Targeting – by knowing where your Uke is attacking, you can predict where not to be.

Budo is about Ma-ai 間合い

Ninjutsu is about Maai Hyoshi 間合い拍子, 

Ninpo is about Kukan 空間

Nope, I don’t understand it either. Probably the kind of stuff you understand only by training…

 

Kuden 口伝 – “Oral Transmission”

“Efficiency is a measure of truth”

“If committing focus – remember to protect yourself first”

“Budo is about capturing the body, Ninjutsu is about capturing the mind and Ninpo  忍法 is about capturing the space”

“Practice Mu-No Kata 無の型-so you can easily change”

“Hide the drawing of the weapon within the movement of the body”

“Try to lock your opponent up, but ensure you are always free to escape”

“Use whatever is available at the time”

“Always replace one connection with another”

“Always ask yourself ‘Do I feel safe?'”

“Make the movement between changes as small as possible to eliminate Tsuki” 突き

“Always look for an ‘Ura’ 裏and ‘Omote’ 表in each aspect” 

Mr Campbell elaborated a bit more on this. It is about translation issues.

The Japanese language has a poetic and emotive aspect that is hard to translate by a Non-Japanese. Taking for example, the Sakura (Cherry blossom). When Hatsumi Soke says “Like the sakura” non-Japanese trying to translate it do not know if he is referring to the blossoming of the flower, the falling of the flower, or something else. Native-born Japanese get it immediately.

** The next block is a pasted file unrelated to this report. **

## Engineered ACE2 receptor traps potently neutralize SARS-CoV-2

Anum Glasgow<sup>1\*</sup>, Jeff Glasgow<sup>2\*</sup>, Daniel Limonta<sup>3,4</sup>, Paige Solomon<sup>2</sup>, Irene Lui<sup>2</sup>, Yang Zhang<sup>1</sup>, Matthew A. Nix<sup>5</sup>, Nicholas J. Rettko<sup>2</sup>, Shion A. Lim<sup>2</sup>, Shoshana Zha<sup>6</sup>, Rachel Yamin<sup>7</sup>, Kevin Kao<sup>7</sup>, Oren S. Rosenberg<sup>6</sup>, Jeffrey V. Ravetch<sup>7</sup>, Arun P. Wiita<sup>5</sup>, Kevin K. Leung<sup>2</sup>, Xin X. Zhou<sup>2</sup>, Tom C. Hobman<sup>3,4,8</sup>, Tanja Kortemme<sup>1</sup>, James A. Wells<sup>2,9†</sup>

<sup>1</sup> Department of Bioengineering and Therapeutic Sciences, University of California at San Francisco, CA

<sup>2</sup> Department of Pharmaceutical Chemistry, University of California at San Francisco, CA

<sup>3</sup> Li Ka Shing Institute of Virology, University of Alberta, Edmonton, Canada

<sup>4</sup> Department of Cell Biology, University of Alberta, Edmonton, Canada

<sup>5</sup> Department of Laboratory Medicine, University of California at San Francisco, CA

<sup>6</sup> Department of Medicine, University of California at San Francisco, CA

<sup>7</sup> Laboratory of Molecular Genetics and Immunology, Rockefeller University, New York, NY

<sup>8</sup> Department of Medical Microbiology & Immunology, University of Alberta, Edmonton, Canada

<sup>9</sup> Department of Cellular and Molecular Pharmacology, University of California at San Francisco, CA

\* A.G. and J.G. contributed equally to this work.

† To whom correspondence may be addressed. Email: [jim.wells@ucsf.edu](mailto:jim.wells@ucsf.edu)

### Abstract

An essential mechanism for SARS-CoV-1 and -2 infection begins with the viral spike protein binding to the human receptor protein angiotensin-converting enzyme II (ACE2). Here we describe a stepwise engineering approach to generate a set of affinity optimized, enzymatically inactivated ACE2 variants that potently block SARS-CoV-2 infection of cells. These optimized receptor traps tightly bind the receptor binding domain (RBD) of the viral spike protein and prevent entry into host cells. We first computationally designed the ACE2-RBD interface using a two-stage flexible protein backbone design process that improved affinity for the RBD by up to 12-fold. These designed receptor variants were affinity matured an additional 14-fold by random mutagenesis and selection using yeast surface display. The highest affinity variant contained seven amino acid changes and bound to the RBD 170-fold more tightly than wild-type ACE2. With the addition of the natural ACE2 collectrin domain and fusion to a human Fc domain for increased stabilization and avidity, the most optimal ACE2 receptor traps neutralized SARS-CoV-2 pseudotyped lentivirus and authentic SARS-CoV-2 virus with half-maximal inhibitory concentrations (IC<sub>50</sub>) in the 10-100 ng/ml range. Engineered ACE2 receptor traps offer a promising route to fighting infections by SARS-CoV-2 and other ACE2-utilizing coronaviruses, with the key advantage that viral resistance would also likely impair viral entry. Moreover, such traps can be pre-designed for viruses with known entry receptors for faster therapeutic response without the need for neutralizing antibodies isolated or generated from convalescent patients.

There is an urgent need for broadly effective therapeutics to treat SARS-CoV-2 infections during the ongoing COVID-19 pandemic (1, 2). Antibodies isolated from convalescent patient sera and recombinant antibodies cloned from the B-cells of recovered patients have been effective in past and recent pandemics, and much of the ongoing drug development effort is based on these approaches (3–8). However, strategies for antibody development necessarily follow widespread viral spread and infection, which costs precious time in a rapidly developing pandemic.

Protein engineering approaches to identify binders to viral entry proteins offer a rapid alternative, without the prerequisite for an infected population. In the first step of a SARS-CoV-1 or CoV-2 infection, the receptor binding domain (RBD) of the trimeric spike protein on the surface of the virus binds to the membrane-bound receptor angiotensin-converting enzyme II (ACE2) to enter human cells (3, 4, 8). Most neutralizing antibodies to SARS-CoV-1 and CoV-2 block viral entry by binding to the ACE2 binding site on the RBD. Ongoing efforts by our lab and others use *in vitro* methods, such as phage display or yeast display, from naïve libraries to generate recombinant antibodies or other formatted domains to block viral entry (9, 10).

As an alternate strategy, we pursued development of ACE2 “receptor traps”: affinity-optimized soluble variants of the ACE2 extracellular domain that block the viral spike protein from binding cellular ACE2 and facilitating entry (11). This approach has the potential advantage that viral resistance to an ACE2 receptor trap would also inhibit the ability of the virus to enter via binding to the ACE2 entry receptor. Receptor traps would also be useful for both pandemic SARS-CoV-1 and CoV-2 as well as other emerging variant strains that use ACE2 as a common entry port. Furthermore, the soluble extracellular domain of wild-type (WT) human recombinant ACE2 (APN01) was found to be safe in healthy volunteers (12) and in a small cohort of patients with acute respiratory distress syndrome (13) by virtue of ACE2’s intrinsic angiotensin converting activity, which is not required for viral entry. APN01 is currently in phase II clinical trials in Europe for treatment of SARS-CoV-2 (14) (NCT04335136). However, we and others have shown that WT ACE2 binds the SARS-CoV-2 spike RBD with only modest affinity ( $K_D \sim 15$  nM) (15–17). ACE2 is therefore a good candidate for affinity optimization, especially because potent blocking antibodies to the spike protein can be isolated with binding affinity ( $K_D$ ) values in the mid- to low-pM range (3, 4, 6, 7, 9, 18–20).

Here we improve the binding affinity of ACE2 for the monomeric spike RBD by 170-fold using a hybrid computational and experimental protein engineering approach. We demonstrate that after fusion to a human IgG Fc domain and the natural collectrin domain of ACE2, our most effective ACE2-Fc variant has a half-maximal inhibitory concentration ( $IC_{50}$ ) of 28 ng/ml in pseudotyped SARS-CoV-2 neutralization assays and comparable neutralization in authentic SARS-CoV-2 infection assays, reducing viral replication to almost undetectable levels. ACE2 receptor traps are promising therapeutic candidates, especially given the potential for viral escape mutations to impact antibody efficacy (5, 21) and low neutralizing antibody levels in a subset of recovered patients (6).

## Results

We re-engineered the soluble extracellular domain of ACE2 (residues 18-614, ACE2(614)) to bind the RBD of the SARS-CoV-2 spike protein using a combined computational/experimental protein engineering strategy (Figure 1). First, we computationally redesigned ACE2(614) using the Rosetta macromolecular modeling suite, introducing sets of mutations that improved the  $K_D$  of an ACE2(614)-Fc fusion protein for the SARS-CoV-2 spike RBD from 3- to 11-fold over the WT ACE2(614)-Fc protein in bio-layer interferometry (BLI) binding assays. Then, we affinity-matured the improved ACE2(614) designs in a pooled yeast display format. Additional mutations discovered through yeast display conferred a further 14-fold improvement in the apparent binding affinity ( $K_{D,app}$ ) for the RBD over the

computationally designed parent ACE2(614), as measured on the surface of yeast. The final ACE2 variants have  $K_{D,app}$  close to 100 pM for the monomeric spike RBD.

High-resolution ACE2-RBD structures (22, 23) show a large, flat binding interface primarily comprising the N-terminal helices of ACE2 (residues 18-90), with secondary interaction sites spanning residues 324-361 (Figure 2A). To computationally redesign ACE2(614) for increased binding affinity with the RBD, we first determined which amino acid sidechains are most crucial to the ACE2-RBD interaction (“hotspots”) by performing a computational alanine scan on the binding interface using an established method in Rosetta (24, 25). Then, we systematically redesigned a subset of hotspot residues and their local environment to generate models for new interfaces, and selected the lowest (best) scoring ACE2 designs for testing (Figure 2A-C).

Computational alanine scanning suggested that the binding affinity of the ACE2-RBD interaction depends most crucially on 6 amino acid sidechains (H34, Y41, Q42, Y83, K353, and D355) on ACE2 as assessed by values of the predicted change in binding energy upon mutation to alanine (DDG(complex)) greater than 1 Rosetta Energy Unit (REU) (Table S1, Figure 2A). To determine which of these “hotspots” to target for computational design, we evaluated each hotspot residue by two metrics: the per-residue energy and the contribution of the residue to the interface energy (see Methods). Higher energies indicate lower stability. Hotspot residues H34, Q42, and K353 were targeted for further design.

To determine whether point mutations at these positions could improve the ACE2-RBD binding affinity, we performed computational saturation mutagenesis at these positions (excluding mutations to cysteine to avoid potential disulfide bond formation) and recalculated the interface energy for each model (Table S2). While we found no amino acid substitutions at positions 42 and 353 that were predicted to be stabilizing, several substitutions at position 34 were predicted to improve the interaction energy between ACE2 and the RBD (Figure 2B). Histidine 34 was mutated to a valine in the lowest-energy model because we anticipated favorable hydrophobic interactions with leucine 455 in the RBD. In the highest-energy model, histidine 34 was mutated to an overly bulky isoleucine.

Likewise a Japanese word can have both an obvious meaning and a hidden one. Taking the word “Tsuki 突き” for example, you can see that the same kanji can mean both “punch/strike/jab/thrust” as well as “weakness”. Hatsumi Soke, is a very poetic person, and that means he can be speaking at a few levels of meaning at the same time, with the same few words. Add to that the fact that in Japanese homophones (words with the same sound but different meanings) abound, and usually no one dares to ask him to clarify any ambiguity, it is a wonder that we don’t misunderstand him any more than we already do!

Conclusion:

It’s been a year since I came back from Japan. I have been working more on what is suitable for my students rather than on material that challenges me, so this training with Mr Campbell was a confusing (and refreshing) experience. Once again I am reminded that there is so much more to Hatsumi Soke’s art than I can grasp, and needless to say can convey to my students.